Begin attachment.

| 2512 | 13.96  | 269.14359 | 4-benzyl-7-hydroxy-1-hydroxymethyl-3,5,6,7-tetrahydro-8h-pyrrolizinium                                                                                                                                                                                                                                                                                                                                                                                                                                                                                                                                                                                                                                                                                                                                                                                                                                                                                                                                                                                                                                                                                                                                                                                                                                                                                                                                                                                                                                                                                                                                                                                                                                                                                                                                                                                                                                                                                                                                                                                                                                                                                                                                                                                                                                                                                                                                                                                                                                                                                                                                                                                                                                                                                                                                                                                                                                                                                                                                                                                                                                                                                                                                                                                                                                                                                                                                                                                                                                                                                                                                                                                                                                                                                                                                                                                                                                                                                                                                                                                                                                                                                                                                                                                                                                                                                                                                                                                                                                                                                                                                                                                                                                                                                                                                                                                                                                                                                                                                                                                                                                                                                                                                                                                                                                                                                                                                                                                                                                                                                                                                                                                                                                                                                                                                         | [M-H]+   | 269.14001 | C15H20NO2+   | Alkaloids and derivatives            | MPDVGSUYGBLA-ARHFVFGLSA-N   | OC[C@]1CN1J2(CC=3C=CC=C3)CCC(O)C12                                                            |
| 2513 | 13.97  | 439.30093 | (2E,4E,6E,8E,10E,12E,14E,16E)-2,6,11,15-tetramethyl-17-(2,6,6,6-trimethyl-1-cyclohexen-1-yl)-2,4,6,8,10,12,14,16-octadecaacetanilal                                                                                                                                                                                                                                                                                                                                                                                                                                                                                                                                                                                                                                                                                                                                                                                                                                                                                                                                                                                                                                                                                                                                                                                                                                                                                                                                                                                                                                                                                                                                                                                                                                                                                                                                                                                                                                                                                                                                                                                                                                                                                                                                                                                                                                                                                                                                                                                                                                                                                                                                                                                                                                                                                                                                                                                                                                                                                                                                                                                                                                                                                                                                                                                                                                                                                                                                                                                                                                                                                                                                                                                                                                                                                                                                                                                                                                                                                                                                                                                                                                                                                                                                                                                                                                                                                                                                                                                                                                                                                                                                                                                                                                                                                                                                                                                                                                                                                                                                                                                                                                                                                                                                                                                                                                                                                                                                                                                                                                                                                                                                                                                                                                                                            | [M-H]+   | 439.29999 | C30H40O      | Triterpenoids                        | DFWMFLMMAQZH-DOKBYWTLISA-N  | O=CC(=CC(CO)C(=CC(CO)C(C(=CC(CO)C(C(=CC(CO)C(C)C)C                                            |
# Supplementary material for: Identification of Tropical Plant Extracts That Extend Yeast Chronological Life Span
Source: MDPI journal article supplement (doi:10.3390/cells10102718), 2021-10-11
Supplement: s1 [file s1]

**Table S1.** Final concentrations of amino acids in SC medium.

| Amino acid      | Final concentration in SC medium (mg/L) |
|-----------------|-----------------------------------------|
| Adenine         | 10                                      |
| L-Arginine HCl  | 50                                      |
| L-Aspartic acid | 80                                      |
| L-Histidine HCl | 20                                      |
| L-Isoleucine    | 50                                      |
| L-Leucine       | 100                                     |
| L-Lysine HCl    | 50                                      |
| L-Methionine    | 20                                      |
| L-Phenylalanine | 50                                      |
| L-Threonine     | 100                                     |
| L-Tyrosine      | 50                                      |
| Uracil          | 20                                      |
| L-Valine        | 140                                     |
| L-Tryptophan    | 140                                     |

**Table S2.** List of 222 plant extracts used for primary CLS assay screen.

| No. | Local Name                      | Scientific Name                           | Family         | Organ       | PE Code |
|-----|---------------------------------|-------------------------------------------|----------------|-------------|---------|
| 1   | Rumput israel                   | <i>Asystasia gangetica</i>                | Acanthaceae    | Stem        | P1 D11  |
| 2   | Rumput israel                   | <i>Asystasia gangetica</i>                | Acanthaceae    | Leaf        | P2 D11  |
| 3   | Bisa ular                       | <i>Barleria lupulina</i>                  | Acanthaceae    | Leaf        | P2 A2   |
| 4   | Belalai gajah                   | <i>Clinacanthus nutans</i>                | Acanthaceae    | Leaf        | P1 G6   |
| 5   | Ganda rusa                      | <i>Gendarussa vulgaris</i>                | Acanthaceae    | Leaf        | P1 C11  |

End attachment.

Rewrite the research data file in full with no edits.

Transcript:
| 2512 | 13.96  | 269.14359 | 4-benzyl-7-hydroxy-1-hydroxymethyl-3,5,6,7-tetrahydro-8h-pyrrolizinium                                                                                                                                                                                                                                                                                                                                                                                                                                                                                                                                                                                                                                                                                                                                                                                                                                                                                                                                                                                                                                                                                                                                                                                                                                                                                                                                                                                                                                                                                                                                                                                                                                                                                                                                                                                                                                                                                                                                                                                                                                                                                                                                                                                                                                                                                                                                                                                                                                                                                                                                                                                                                                                                                                                                                                                                                                                                                                                                                                                                                                                                                                                                                                                                                                                                                                                                                                                                                                                                                                                                                                                                                                                                                                                                                                                                                                                                                                                                                                                                                                                                                                                                                                                                                                                                                                                                                                                                                                                                                                                                                                                                                                                                                                                                                                                                                                                                                                                                                                                                                                                                                                                                                                                                                                                                                                                                                                                                                                                                                                                                                                                                                                                                                                                                         | [M-H]+   | 269.14001 | C15H20NO2+   | Alkaloids and derivatives            | MPDVGSUYGBLA-ARHFVFGLSA-N   | OC[C@]1CN1J2(CC=3C=CC=C3)CCC(O)C12                                                            |
| 2513 | 13.97  | 439.30093 | (2E,4E,6E,8E,10E,12E,14E,16E)-2,6,11,15-tetramethyl-17-(2,6,6,6-trimethyl-1-cyclohexen-1-yl)-2,4,6,8,10,12,14,16-octadecaacetanilal                                                                                                                                                                                                                                                                                                                                                                                                                                                                                                                                                                                                                                                                                                                                                                                                                                                                                                                                                                                                                                                                                                                                                                                                                                                                                                                                                                                                                                                                                                                                                                                                                                                                                                                                                                                                                                                                                                                                                                                                                                                                                                                                                                                                                                                                                                                                                                                                                                                                                                                                                                                                                                                                                                                                                                                                                                                                                                                                                                                                                                                                                                                                                                                                                                                                                                                                                                                                                                                                                                                                                                                                                                                                                                                                                                                                                                                                                                                                                                                                                                                                                                                                                                                                                                                                                                                                                                                                                                                                                                                                                                                                                                                                                                                                                                                                                                                                                                                                                                                                                                                                                                                                                                                                                                                                                                                                                                                                                                                                                                                                                                                                                                                                            | [M-H]+   | 439.29999 | C30H40O      | Triterpenoids                        | DFWMFLMMAQZH-DOKBYWTLISA-N  | O=CC(=CC(CO)C(=CC(CO)C(C(=CC(CO)C(C(=CC(CO)C(C)C)C                                            |
# Supplementary material for: Identification of Tropical Plant Extracts That Extend Yeast Chronological Life Span
Source: MDPI journal article supplement (doi:10.3390/cells10102718), 2021-10-11
Supplement: s1 [file s1]

**Table S1.** Final concentrations of amino acids in SC medium.

| Amino acid      | Final concentration in SC medium (mg/L) |
|-----------------|-----------------------------------------|
| Adenine         | 10                                      |
| L-Arginine HCl  | 50                                      |
| L-Aspartic acid | 80                                      |
| L-Histidine HCl | 20                                      |
| L-Isoleucine    | 50                                      |
| L-Leucine       | 100                                     |
| L-Lysine HCl    | 50                                      |
| L-Methionine    | 20                                      |
| L-Phenylalanine | 50                                      |
| L-Threonine     | 100                                     |
| L-Tyrosine      | 50                                      |
| Uracil          | 20                                      |
| L-Valine        | 140                                     |
| L-Tryptophan    | 140                                     |

**Table S2.** List of 222 plant extracts used for primary CLS assay screen.

| No. | Local Name                      | Scientific Name                           | Family         | Organ       | PE Code |
|-----|---------------------------------|-------------------------------------------|----------------|-------------|---------|
| 1   | Rumput israel                   | <i>Asystasia gangetica</i>                | Acanthaceae    | Stem        | P1 D11  |
| 2   | Rumput israel                   | <i>Asystasia gangetica</i>                | Acanthaceae    | Leaf        | P2 D11  |
| 3   | Bisa ular                       | <i>Barleria lupulina</i>                  | Acanthaceae    | Leaf        | P2 A2   |
| 4   | Belalai gajah                   | <i>Clinacanthus nutans</i>                | Acanthaceae    | Leaf        | P1 G6   |
| 5   | Ganda rusa                      | <i>Gendarussa vulgaris</i>                | Acanthaceae    | Leaf        | P1 C11  |